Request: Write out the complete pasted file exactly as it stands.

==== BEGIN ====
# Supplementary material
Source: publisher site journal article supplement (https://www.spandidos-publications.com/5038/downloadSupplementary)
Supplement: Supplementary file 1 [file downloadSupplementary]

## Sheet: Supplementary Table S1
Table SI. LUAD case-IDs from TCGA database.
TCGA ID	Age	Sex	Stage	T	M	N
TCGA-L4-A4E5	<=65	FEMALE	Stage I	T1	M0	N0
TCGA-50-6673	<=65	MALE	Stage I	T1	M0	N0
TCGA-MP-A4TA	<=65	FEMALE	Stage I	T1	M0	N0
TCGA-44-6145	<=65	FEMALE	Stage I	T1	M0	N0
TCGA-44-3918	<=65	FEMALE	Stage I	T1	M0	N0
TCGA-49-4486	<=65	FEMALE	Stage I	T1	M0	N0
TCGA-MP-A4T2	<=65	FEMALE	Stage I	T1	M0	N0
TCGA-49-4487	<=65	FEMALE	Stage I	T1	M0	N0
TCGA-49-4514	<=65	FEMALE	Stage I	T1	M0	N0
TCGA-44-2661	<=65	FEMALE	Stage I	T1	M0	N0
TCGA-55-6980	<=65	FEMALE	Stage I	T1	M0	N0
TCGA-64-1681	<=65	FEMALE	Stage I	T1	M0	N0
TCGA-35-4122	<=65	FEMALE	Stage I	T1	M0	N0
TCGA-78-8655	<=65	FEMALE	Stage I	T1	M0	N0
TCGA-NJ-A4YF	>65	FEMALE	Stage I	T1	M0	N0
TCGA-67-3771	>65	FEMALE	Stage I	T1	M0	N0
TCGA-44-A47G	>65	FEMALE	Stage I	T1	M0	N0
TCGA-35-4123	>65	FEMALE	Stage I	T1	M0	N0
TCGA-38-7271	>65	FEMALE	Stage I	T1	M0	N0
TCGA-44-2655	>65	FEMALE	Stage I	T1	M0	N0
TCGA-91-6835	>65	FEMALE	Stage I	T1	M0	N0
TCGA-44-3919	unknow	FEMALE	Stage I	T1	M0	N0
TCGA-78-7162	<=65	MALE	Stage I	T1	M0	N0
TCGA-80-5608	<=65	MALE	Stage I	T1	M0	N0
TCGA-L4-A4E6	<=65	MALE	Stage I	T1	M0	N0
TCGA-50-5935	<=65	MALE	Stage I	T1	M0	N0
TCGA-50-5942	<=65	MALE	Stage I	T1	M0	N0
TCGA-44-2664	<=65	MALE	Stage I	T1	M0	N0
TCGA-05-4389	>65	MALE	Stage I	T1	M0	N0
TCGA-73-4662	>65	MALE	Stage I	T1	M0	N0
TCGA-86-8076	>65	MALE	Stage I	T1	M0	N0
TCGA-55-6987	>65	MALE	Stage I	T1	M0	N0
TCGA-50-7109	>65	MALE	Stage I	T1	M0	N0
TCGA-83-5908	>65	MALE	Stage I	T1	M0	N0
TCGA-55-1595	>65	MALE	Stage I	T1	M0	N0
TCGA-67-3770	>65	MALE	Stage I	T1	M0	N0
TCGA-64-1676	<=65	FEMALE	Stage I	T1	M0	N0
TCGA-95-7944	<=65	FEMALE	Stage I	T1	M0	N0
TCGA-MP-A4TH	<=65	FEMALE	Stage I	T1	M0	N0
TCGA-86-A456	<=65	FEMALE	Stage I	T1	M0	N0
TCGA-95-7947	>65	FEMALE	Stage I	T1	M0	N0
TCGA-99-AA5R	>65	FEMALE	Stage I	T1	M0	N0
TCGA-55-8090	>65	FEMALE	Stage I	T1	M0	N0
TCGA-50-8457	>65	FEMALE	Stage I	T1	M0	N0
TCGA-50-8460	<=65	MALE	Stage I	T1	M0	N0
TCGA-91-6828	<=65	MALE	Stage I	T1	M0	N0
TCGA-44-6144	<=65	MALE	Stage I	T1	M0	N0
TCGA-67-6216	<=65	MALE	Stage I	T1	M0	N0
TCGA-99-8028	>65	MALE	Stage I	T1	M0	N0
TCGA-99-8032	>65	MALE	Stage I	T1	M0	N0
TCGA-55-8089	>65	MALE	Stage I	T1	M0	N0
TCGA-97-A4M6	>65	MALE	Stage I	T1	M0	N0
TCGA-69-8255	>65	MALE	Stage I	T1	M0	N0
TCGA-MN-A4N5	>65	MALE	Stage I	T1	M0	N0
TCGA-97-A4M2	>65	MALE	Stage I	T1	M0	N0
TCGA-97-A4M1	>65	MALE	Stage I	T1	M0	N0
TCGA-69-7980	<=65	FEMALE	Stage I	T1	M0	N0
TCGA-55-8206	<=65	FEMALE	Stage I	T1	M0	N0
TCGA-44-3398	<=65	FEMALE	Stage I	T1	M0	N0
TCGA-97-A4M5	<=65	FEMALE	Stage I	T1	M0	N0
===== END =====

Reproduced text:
# Supplementary material
Source: publisher site journal article supplement (https://www.spandidos-publications.com/5038/downloadSupplementary)
Supplement: Supplementary file 1 [file downloadSupplementary]

## Sheet: Supplementary Table S1
Table SI. LUAD case-IDs from TCGA database.
TCGA ID	Age	Sex	Stage	T	M	N
TCGA-L4-A4E5	<=65	FEMALE	Stage I	T1	M0	N0
TCGA-50-6673	<=65	MALE	Stage I	T1	M0	N0
TCGA-MP-A4TA	<=65	FEMALE	Stage I	T1	M0	N0
TCGA-44-6145	<=65	FEMALE	Stage I	T1	M0	N0
TCGA-44-3918	<=65	FEMALE	Stage I	T1	M0	N0
TCGA-49-4486	<=65	FEMALE	Stage I	T1	M0	N0
TCGA-MP-A4T2	<=65	FEMALE	Stage I	T1	M0	N0
TCGA-49-4487	<=65	FEMALE	Stage I	T1	M0	N0
TCGA-49-4514	<=65	FEMALE	Stage I	T1	M0	N0
TCGA-44-2661	<=65	FEMALE	Stage I	T1	M0	N0
TCGA-55-6980	<=65	FEMALE	Stage I	T1	M0	N0
TCGA-64-1681	<=65	FEMALE	Stage I	T1	M0	N0
TCGA-35-4122	<=65	FEMALE	Stage I	T1	M0	N0
TCGA-78-8655	<=65	FEMALE	Stage I	T1	M0	N0
TCGA-NJ-A4YF	>65	FEMALE	Stage I	T1	M0	N0
TCGA-67-3771	>65	FEMALE	Stage I	T1	M0	N0
TCGA-44-A47G	>65	FEMALE	Stage I	T1	M0	N0
TCGA-35-4123	>65	FEMALE	Stage I	T1	M0	N0
TCGA-38-7271	>65	FEMALE	Stage I	T1	M0	N0
TCGA-44-2655	>65	FEMALE	Stage I	T1	M0	N0
TCGA-91-6835	>65	FEMALE	Stage I	T1	M0	N0
TCGA-44-3919	unknow	FEMALE	Stage I	T1	M0	N0
TCGA-78-7162	<=65	MALE	Stage I	T1	M0	N0
TCGA-80-5608	<=65	MALE	Stage I	T1	M0	N0
TCGA-L4-A4E6	<=65	MALE	Stage I	T1	M0	N0
TCGA-50-5935	<=65	MALE	Stage I	T1	M0	N0
TCGA-50-5942	<=65	MALE	Stage I	T1	M0	N0
TCGA-44-2664	<=65	MALE	Stage I	T1	M0	N0
TCGA-05-4389	>65	MALE	Stage I	T1	M0	N0
TCGA-73-4662	>65	MALE	Stage I	T1	M0	N0
TCGA-86-8076	>65	MALE	Stage I	T1	M0	N0
TCGA-55-6987	>65	MALE	Stage I	T1	M0	N0
TCGA-50-7109	>65	MALE	Stage I	T1	M0	N0
TCGA-83-5908	>65	MALE	Stage I	T1	M0	N0
TCGA-55-1595	>65	MALE	Stage I	T1	M0	N0
TCGA-67-3770	>65	MALE	Stage I	T1	M0	N0
TCGA-64-1676	<=65	FEMALE	Stage I	T1	M0	N0
TCGA-95-7944	<=65	FEMALE	Stage I	T1	M0	N0
TCGA-MP-A4TH	<=65	FEMALE	Stage I	T1	M0	N0
TCGA-86-A456	<=65	FEMALE	Stage I	T1	M0	N0
TCGA-95-7947	>65	FEMALE	Stage I	T1	M0	N0
TCGA-99-AA5R	>65	FEMALE	Stage I	T1	M0	N0
TCGA-55-8090	>65	FEMALE	Stage I	T1	M0	N0
TCGA-50-8457	>65	FEMALE	Stage I	T1	M0	N0
TCGA-50-8460	<=65	MALE	Stage I	T1	M0	N0
TCGA-91-6828	<=65	MALE	Stage I	T1	M0	N0
TCGA-44-6144	<=65	MALE	Stage I	T1	M0	N0
TCGA-67-6216	<=65	MALE	Stage I	T1	M0	N0
TCGA-99-8028	>65	MALE	Stage I	T1	M0	N0
TCGA-99-8032	>65	MALE	Stage I	T1	M0	N0
TCGA-55-8089	>65	MALE	Stage I	T1	M0	N0
TCGA-97-A4M6	>65	MALE	Stage I	T1	M0	N0
TCGA-69-8255	>65	MALE	Stage I	T1	M0	N0
TCGA-MN-A4N5	>65	MALE	Stage I	T1	M0	N0
TCGA-97-A4M2	>65	MALE	Stage I	T1	M0	N0
TCGA-97-A4M1	>65	MALE	Stage I	T1	M0	N0
TCGA-69-7980	<=65	FEMALE	Stage I	T1	M0	N0
TCGA-55-8206	<=65	FEMALE	Stage I	T1	M0	N0
TCGA-44-3398	<=65	FEMALE	Stage I	T1	M0	N0
TCGA-97-A4M5	<=65	FEMALE	Stage I	T1	M0	N0